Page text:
On Your Health

Check back to the INTEGRIS On Your Health blog for the latest health and wellness news for all Oklahomans.

How Fentanyl Can Make the Opioid Epidemic Worse

Drug overdose is a big problem in Oklahoma, and one drug, in particular, has become even more deadly. According to the Oklahoma State Department of Health, of the more than 700 unintentional poisoning deaths in Oklahoma each year, six out of 10 involve at least one prescription drug. Prescription opioids are the drugs most involved in overdose deaths in Oklahoma.

One of the culprits behind this ravaging national epidemic is a synthetic opioid called fentanyl. Between 2011 and 2017, the national death rate from fentanyl increased by 1,125 percent, according to the Centers for Disease Control and Prevention.

While fentanyl and other synthetic opioids are legally used in prescription drugs, they are also being abused illegally. When mixed with other drugs, the result can be fatal. In the past few years, Prince, Tom Petty and rapper Mac Miller all died from accidental fentanyl overdoses.

Recently, the On Your Health blog interviewed Dr. Kimberlee V. Wilson, an addiction psychiatrist and medical director for Arcadia Trails INTEGRIS Center for Addiction Recovery, about why fentanyl is so dangerous. Here answers are below.

In addition, Doctor Oklahoma is a podcast that shines a light on uniquely Oklahoman health challenges by speaking with INTEGRIS physicians who live here and practice here. In the series podcast premiere, Dr. Wilson discusses the effect of opioids on the human brain, addiction as a disease and how it affects health outcomes for all Oklahomans. To listen to the podcast click here.

Q. What is fentanyl?

A. Fentanyl is a synthetic opioid that is 50 to 100 times stronger than morphine. Pharmaceutical fentanyl was developed for pain management treatment of cancer patients, applied with a patch on the skin. Today, it is still used by physicians to relieve severe pain, such as after surgery or during cancer treatment, and for break-through pain (flare-ups of intense pain despite round-the-clock narcotic treatment).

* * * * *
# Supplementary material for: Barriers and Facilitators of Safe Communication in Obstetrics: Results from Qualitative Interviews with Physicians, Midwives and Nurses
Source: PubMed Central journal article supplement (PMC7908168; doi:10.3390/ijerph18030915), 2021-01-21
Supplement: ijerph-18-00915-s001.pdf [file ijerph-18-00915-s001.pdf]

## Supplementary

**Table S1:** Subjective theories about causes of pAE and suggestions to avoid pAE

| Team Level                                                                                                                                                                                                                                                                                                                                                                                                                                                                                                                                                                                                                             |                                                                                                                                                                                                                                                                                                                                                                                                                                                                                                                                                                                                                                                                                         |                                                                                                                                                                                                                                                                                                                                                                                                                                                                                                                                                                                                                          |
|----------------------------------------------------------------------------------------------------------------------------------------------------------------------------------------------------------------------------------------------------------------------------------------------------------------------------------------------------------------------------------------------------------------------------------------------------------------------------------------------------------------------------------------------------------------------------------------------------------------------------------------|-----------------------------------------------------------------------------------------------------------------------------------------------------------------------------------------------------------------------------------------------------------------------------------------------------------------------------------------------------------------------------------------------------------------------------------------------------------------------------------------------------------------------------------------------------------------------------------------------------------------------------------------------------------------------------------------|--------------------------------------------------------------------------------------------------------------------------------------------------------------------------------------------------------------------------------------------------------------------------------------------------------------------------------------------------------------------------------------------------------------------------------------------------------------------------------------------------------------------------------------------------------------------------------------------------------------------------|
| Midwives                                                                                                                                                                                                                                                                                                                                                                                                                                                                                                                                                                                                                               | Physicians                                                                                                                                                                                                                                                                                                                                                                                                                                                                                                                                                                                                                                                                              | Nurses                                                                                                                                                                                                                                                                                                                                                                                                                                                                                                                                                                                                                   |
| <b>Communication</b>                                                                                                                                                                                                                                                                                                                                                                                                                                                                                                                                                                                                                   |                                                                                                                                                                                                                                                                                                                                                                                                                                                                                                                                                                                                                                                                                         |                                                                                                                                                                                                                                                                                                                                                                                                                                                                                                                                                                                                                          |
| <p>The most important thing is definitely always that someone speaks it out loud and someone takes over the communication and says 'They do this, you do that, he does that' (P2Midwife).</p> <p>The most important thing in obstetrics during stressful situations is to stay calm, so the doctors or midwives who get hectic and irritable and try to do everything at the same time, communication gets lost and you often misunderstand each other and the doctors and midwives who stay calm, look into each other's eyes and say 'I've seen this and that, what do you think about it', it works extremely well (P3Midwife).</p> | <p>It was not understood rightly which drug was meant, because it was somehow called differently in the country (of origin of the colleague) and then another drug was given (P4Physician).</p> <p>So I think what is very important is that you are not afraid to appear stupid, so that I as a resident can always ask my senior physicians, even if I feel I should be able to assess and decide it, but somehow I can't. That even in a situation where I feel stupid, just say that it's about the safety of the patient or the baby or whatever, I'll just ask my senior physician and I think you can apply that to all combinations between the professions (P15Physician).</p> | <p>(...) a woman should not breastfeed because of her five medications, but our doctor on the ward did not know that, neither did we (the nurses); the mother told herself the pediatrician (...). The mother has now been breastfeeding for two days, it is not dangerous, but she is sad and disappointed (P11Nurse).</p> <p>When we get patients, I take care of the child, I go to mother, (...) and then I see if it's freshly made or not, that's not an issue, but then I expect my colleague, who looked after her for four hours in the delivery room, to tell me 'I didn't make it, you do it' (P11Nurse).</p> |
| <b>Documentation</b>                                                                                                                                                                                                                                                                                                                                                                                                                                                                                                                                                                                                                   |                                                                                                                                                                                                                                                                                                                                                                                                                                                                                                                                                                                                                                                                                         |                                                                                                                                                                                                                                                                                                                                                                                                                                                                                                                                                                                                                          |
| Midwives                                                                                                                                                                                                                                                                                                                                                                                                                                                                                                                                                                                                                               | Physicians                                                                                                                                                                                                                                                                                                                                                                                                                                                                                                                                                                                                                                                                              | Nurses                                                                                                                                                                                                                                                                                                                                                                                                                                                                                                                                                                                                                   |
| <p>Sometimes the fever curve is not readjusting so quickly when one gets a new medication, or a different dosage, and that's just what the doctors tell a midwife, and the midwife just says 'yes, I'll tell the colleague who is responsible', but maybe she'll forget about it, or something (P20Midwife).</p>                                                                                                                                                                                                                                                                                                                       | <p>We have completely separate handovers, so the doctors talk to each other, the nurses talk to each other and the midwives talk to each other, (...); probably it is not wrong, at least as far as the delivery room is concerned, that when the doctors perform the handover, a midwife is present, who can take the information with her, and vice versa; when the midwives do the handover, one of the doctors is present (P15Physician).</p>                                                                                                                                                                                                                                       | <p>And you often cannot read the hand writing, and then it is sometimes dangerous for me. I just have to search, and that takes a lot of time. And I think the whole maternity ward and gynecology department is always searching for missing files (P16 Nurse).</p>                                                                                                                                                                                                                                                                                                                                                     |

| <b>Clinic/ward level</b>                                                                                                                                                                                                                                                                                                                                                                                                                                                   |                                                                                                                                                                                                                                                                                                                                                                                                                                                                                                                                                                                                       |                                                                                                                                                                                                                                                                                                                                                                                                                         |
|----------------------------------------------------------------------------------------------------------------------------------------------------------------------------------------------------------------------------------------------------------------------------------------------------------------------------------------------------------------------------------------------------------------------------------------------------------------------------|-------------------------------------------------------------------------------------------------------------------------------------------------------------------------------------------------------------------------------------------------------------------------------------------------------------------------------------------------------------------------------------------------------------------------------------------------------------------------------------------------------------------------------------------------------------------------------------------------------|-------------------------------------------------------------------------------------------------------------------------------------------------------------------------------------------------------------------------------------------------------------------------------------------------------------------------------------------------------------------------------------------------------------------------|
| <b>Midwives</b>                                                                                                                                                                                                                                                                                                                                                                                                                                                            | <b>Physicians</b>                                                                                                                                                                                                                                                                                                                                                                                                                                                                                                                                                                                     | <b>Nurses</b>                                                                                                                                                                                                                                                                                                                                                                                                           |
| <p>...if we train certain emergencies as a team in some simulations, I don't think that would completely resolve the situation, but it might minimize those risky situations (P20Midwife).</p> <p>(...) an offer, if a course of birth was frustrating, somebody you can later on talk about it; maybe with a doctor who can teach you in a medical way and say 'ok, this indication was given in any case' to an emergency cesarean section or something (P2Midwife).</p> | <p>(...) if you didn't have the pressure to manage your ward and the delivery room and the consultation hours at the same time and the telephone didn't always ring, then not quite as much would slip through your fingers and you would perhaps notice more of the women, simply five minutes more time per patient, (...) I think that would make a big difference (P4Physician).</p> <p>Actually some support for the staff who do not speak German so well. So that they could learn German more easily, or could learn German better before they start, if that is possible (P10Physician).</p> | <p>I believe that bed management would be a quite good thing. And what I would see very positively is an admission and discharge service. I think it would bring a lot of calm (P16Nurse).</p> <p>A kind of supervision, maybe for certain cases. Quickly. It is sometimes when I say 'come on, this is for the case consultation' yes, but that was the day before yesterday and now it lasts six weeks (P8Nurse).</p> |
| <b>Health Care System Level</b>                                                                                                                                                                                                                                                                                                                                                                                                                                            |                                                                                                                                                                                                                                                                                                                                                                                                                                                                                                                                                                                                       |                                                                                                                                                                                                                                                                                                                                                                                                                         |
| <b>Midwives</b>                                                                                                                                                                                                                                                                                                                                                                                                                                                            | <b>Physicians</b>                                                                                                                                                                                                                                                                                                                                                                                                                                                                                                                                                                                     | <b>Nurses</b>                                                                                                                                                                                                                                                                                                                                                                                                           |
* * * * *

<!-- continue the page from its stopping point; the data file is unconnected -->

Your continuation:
Q. Why is fentanyl so dangerous? 

A. Earlier this summer, Oklahoma had seven deaths due to opioid overdoes in just seven days. Fentanyl is so potent even a small dosage can be deadly. Because of its powerful properties, Fentanyl is sometimes added to heroin by drug dealers to increase its potency. Many users believe they are purchasing heroin and don’t know they are getting a mixture with — or even pure — fentanyl. This results in many overdose deaths.

In addition, fentanyl pills on the black market are made to look like the painkiller oxycodone, or the anxiety medication Xanax. This deception is proving very fatal.

Fentanyl abuse is especially dangerous to those with no existing tolerance to opioids. The substances already elevating the risk of overdose are multiplied when someone without a tolerance abuses it.

Q. How can you tell if someone is abusing fentanyl or having an overdose?

A. Whether taken as a prescription or abused recreationally, fentanyl is a volatile and potentially lethal drug. Those ingesting fentanyl at unprescribed levels experience an intense euphoria and sense of relaxation similar to a heroin “high.”

Abuse of fentanyl can depress the respiratory system to the point of failure, leading to a fatal overdose. Mixing fentanyl with illicit narcotics or stimulants like heroin or cocaine amplify the drug’s damaging side effects.

Reduced breathing, depressed breathing and low heart rate are all signs of a fentanyl overdose. If a user is asleep, unconscious or unresponsive and you can't wake them up, those are definite signs of overdose.

Outward symptoms of fentanyl abuse might include:

  • Mellowness
  • Drowsiness
  • Yawning
  • Nausea and vomiting
  • Itching
  • Dizziness
  • Blurred vision
  • Constipation
  • Headaches
  • Seizures

Q. Any closing thoughts?

A. Narcan kits are one of the most successful ways to get people out of an overdose. It’s a nasal spray that you can give immediately and they should wake up. In Oklahoma, there are places you can buy Narcan without a prescription. But even after the user is awake and alert, once the Narcan wears off, they can still go back into an overdose. Call 911 immediately and stay with the person until medical help arrives.

Any time there is an overdose, there is usually someone who knew the person was using and did not speak up. If you know someone is in danger by using illegal drugs or not taking prescription medications as prescribed, please get involved.

For more information about drug addiction and overdose, or to find help for you or a loved one, visit INTEGRIS Arcadia Trails. If you are seeking treatment, the evidence-based treatments at Arcadia Trails comprise one of the most comprehensive addiction programs in Oklahoma and the surrounding region.